Revealing the Unseen with Andy Gotts

Posted by Aimee Morris on 03rd August 2018

Andy Gotts is one of only a handful of British photographers to have been recognised by the Queen. In 2012, Andy was awarded an MBE for services to Photography and Charity. The Norfolk-born artist has captured some of the biggest screen stars of our generation. But it’s not just the celebrity subjects themselves that make Andy’s portraits stand out; it’s the stories behind the shoots that give his works their character.


Andy's self-portrait.


Andy photographs his star sitters in their homes, where they’ll be more comfortable. Working without any assistants means Andy can keep the shoots intimate and encourage his subjects to open up. In each case, it’s the character behind the all-familiar face that he’s after. Andy’s portraits do more than depict - they reveal the unseen.

We caught up with Andy to discover why he chose celebrity portraiture and to hear some of his favourite on-the-job stories.


Kate Winslet Contact Sheet by Andy Gotts.


What kind of photographer did you set out to be? Have you always shot portraits?

The only kind of photographer I wanted to be was a celebrity photographer. Even regular portraiture doesn’t really interest me. It’s the people I meet during my shoots that make my job worthwhile, especially since I’m a movie buff.  


Andy's first celebrity shoot with Stephen Fry in April 1990.


There are some landscape photographers who only like to shoot mountains, and there are others who just like to shoot deserts. Some portrait photographers like the documentary style approach. I stick to my clean and clinical celebrity portraits.


Andy's Unseen 100 exhibition (Spring 2018) at Herrick Gallery.


What’s the most important thing for you when shooting a famous face? How do you bring out a person’s real character?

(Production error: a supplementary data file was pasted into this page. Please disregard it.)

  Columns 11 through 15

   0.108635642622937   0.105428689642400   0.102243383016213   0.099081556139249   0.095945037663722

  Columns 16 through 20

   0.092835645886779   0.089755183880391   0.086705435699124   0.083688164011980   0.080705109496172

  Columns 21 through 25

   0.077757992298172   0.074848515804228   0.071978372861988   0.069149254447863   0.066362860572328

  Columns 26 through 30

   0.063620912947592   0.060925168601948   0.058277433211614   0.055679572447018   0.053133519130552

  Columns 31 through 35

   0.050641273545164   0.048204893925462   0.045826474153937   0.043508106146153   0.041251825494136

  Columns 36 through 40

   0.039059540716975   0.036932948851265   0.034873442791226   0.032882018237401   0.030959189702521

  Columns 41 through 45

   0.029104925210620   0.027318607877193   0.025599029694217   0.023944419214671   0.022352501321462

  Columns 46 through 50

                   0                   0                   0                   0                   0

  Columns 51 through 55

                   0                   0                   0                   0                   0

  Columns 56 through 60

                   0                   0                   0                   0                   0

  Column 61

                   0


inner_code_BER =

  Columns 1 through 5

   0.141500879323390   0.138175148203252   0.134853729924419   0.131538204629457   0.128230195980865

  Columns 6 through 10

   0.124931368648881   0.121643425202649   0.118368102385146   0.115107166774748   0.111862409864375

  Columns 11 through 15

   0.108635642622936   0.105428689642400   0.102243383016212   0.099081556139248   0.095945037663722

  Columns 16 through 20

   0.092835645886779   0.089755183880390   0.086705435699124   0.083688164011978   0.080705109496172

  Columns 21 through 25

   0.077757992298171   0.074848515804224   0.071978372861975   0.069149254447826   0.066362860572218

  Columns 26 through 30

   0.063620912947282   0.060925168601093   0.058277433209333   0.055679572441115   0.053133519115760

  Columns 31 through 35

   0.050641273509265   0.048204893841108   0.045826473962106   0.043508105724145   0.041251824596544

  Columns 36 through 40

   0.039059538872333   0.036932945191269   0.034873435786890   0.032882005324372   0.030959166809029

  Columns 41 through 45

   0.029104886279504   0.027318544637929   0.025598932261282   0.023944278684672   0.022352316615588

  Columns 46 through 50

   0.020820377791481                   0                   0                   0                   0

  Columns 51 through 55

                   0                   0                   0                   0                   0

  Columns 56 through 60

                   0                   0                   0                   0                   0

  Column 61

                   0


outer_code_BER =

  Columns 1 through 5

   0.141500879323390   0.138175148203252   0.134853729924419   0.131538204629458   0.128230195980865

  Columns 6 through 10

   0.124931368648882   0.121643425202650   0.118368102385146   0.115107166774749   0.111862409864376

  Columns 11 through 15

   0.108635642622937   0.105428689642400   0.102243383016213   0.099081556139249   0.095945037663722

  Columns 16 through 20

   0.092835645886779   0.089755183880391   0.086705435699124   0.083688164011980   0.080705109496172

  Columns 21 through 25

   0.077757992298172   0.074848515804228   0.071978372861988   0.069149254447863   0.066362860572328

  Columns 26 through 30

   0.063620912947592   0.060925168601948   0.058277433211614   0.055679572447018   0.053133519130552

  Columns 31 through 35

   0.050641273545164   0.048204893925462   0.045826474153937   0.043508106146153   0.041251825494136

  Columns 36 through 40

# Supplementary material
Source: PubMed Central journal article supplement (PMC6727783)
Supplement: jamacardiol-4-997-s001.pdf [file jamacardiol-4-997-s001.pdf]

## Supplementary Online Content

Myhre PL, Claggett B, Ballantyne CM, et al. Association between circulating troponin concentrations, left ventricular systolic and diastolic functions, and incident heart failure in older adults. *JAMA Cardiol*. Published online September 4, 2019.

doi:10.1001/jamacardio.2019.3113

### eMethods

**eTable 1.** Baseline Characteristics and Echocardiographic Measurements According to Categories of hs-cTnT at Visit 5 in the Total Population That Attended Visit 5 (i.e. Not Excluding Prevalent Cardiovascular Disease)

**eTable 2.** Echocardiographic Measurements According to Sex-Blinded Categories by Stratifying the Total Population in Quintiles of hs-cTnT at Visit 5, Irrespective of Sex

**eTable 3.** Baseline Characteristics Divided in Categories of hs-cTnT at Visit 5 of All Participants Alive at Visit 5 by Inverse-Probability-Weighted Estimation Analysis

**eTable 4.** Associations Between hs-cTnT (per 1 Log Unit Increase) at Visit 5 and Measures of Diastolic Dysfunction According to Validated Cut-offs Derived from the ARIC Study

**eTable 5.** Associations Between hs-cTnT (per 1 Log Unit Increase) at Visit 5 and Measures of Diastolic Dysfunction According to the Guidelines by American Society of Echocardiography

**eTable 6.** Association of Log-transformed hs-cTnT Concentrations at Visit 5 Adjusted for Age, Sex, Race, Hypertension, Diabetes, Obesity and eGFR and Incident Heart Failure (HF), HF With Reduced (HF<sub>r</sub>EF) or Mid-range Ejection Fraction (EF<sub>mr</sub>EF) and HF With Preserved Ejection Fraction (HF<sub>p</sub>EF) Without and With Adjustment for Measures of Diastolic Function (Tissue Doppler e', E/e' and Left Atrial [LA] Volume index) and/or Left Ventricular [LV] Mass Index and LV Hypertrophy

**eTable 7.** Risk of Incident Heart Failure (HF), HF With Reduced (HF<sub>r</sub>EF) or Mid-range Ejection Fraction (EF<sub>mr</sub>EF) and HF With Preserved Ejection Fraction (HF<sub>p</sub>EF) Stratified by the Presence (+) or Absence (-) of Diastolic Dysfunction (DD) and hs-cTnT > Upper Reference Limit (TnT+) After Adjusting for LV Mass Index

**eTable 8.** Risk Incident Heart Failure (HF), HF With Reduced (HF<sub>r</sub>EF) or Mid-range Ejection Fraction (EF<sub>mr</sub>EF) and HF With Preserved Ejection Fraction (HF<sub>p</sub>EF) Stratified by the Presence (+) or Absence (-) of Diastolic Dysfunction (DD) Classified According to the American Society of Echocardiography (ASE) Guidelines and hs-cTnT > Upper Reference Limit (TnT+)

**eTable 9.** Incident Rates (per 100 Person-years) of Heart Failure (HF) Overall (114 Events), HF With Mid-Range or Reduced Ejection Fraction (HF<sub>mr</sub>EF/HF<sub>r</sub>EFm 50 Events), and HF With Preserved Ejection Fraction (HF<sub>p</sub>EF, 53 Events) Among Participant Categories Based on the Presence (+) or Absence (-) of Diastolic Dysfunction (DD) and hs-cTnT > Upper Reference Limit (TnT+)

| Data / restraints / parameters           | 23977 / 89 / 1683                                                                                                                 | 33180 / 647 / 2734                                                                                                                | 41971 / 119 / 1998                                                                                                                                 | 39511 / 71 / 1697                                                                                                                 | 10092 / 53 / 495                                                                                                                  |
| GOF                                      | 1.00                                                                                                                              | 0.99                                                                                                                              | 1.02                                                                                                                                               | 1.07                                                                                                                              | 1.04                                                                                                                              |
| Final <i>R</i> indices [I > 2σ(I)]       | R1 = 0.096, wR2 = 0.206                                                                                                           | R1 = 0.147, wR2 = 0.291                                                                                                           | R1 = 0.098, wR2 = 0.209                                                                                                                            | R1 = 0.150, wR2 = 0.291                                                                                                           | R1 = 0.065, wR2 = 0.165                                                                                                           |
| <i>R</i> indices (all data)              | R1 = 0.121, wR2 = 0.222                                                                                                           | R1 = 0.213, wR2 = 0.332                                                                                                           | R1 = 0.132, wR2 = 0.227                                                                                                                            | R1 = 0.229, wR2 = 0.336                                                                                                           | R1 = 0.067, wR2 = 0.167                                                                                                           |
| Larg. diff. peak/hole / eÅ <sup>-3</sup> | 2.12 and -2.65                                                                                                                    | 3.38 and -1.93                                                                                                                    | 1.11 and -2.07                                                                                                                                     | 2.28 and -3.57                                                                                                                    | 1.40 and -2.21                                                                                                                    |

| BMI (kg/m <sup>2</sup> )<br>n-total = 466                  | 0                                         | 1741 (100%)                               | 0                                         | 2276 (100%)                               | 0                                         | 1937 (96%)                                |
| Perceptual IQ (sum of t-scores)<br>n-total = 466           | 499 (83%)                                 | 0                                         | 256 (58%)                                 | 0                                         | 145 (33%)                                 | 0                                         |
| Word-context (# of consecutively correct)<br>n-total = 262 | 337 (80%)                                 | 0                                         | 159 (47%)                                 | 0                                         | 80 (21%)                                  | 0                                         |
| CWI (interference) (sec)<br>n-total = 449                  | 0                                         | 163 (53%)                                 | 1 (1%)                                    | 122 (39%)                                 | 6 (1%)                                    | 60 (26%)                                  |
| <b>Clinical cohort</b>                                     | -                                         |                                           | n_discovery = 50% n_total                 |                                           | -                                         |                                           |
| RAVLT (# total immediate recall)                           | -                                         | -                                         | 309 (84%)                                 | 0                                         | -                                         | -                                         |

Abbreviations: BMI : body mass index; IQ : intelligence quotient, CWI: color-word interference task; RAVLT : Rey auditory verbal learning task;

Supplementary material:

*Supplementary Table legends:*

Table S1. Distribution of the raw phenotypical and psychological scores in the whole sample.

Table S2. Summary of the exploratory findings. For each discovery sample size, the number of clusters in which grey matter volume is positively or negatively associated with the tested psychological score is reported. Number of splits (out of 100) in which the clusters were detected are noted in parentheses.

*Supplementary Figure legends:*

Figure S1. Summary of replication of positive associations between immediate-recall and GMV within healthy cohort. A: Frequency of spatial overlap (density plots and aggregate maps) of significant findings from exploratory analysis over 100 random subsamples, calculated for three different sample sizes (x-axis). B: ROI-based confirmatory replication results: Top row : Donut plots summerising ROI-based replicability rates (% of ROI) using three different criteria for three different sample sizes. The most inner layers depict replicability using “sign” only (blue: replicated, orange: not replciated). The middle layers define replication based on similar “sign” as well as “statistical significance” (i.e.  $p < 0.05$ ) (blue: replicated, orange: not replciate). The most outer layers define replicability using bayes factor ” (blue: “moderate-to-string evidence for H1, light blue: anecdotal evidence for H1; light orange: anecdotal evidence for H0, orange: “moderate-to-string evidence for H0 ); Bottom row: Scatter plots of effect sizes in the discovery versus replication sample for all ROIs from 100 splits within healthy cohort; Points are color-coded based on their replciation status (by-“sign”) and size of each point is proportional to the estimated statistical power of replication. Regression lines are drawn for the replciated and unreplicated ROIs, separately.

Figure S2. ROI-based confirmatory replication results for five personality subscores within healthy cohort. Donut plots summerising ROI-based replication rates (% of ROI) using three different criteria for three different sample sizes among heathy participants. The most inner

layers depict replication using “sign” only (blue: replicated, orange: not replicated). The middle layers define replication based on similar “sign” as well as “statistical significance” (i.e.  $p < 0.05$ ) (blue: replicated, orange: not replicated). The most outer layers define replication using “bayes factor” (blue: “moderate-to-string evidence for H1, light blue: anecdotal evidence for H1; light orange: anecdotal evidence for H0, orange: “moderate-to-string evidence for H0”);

When I shoot, it’s just me and the person I’m shooting. No assistants or entourage around. This makes things more relaxed; so when I spend time chatting to the sitter beforehand, it’s very intimate. I can gauge what mood they’re in and work the photoshoot to complement the way they’re feeling. And I don’t over-direct the shoot. I let it unfold through conversation.


Samuel L Jackson Filmstrip by Andy Gotts.


Who has been the most interesting person you’ve shot?

As I’ve already mentioned I’m a movie buff, so to meet icons of the big screen is always a thrill. Paul Newman and Clint Eastwood were two subjects that took many years to set up - and both shoots were a dream come true.


Clint Eastwood Portrait by Andy Gotts.


Which work are you most proud of?

Probably the great Tony Curtis. We shot at his home in Henderson, near Las Vegas. We had a great afternoon of conversation and laughs. The shoot went wonderfully. Sadly Tony died three days after our shoot, so I captured the very last portraits of the wonderful man.


Andy's portrait of Tony Curtis.


Can you give us a couple of favourite stories behind your photographs?

I shot George Clooney at his beautiful house on Lake Como. When I arrived, breakfast was being served on the veranda - it seemed more like a five star hotel then a private residence. After breakfast, George disappeared to find a space that had a plain white wall for the shoot. I had to maneuver my equipment around three obese (live) ducks in the hallway...


George Clooney Portrait by Andy Gotts